Poverty Alleviation In The Philippines: A Purposely Ignored Issue?

The poor have no access to land. Despite three generations of agrarian-reform programs, land distribution is still very badly skewed. And those that were awarded lands – under CARP – squandered away their opportunities, due largely to a lack of government guidance and compliance. Once the act was executed, recipients were left to fend for themselves.

The Philippines has a high population growth rate – the 12th highest in the world – and it continues to grow at a rate of 1.89 percent a year. According to the 2010 census results, the nation’s population increased by almost 16 million from the figure found in the 2000 census results. The growth rate has slowed slightly from the previous census, down to 1.89 percent from 2.34 percent. The next census is scheduled for 2015.

To figure out how many people live in the Philippines in 2014, we can look at data provided by the Philippine National Statistics Office. Projecting this data forward, using the 1.89-percent growth rate, gave us a population of 98,734,798 in 2013 and a population of 100,617,630 in 2014.

The economic policies of the past generation (one generation is 30 years) have failed to alleviate mass poverty. Worse, many public policies are actually anti poor; and biased against people in rural areas. The simple reason for this is that public policy is largely made by those who lived in the Imperial Manila.

Poverty Alleviation has always been a campaign promise. Yet, seldom put their money where their mouths should be. Instead, monies that could have made people’s lives better ended up lining their pockets.

The tax system takes, in percentage terms, more from the poor (27 percent on average) than from the rich (18 percent). Tax evasion (mostly by the rich) costs more than P400 billion a year in lost revenues. The post-Marcos administrations had no effective capital-gains tax, and taxes on real property were extremely low and lightly enforced.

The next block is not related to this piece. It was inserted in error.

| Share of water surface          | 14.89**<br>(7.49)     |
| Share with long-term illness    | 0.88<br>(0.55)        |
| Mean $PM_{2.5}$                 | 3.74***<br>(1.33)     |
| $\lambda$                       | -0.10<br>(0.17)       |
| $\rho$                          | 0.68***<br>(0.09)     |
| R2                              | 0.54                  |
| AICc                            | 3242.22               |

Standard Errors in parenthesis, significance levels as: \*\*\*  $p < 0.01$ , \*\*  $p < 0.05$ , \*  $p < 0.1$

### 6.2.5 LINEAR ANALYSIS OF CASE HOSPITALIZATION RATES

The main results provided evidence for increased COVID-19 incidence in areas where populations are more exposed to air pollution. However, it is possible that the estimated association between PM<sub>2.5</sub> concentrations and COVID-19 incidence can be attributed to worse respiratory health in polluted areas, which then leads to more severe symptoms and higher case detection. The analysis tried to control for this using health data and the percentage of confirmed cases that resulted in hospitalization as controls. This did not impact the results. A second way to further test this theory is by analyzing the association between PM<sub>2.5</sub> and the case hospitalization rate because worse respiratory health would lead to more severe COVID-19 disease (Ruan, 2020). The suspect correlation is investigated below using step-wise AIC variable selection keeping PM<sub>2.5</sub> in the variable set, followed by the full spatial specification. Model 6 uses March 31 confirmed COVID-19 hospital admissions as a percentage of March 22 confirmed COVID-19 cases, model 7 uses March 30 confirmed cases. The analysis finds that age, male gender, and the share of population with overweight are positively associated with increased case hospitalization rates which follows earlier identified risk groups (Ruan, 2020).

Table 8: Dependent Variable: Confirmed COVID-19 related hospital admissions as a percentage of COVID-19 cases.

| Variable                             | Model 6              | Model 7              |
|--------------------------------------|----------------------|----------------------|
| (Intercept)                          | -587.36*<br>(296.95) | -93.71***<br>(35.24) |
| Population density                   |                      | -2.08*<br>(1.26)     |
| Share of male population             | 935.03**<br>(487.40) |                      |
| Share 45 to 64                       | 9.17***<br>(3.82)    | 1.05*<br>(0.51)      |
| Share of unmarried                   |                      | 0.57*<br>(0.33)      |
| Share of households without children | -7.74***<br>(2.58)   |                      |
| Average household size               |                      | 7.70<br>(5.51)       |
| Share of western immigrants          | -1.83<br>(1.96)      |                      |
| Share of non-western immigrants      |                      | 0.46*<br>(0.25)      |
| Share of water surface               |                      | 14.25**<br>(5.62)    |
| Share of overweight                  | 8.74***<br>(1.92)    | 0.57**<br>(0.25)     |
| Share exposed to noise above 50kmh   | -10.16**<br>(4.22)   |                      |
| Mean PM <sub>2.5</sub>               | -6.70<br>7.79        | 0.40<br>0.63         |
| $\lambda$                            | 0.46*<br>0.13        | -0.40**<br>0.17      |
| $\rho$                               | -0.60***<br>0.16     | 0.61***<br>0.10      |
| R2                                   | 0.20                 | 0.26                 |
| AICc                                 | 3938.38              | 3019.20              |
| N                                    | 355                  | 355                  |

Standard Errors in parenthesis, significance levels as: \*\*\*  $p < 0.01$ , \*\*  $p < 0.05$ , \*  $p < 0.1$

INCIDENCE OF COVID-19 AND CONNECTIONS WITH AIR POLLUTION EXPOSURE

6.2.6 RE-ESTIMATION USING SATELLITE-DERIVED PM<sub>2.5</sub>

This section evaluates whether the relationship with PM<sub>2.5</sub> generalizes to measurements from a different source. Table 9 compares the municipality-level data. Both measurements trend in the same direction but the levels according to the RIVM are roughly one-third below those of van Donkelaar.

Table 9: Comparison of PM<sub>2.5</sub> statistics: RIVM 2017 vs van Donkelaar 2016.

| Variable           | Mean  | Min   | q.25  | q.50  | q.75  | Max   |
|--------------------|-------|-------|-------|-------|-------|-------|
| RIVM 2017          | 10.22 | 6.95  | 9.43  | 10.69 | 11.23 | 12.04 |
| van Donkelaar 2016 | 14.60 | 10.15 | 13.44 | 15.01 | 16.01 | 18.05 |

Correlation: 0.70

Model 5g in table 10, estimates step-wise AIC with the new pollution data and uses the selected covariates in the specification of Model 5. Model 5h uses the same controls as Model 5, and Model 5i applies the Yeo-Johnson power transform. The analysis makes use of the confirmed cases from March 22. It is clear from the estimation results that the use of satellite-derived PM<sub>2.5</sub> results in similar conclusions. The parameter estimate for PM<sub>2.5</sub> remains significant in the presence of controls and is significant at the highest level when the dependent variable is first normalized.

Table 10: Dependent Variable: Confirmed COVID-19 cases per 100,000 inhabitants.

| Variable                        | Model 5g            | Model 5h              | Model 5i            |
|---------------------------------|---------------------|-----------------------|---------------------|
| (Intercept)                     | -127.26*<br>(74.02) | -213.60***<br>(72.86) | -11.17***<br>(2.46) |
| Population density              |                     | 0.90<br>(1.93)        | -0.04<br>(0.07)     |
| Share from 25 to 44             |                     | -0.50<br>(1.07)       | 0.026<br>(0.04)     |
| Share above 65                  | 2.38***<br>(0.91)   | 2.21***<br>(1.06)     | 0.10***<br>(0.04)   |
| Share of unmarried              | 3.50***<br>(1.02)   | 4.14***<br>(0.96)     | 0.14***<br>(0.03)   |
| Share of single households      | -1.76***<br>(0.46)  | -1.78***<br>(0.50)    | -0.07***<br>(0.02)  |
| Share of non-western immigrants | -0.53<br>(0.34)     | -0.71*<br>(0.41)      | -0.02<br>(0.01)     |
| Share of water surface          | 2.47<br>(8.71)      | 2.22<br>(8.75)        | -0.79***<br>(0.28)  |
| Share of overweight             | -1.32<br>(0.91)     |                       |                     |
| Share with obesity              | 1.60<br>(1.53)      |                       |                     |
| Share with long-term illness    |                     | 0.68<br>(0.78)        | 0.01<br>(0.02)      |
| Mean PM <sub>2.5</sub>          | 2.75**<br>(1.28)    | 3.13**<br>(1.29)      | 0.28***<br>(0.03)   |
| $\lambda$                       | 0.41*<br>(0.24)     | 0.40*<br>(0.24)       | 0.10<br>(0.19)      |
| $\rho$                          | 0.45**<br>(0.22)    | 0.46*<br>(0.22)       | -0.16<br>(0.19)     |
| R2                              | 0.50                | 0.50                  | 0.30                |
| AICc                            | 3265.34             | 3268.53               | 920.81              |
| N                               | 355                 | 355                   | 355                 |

Any strategy against poverty requires thinking out of the box. Resettling squatters to farmlands where they can begin the countries assent to industrialization. Removal of squatters in the major urban centers not only allows for the growth of the middle classes, but more importantly alleviates the problem of poverty. The key is providing well planned communities that provide dignified housing – thus humane living conditions, education, medical services, infrastructure for the delivery of basic services, etc.

There is no way for the poor nor the lower middle classes to own their own home in Metro Manila, where the cost of land alone hovers between P 20k/sqm and upwards to P 160k/sqm; and construction cost between P 18k to P 33 k/sqm.

Even the education policy is loaded against the poor. College-entrance examinations, because they use English, favor students from urban homes. The government, thus, subsidizes public universities, such as the University of the Philippines, where enrollment is inexpensive at an average of P24,000 annually for every student, but where most students belong to the upper class.

UNESCO says that we have one of the highest literacy rates in the world because practically everyone speaks English. Well, ask a Pinoy what they just sang in English, and a great majority cannot tell you the context. Children, whether they pass or fail in grade school are promoted to the next level; and that is why only 3 out of 10 graduate from high school. What happens to the 70 % percent…they enter the ranks of the unemployed and the impoverished.

Sourced from: Michael Tomeldon on Facebook


Just a regular "Joe" who decided the rat-race in the states was getting to ridiculous for words, and made the move to the Asian side of life.

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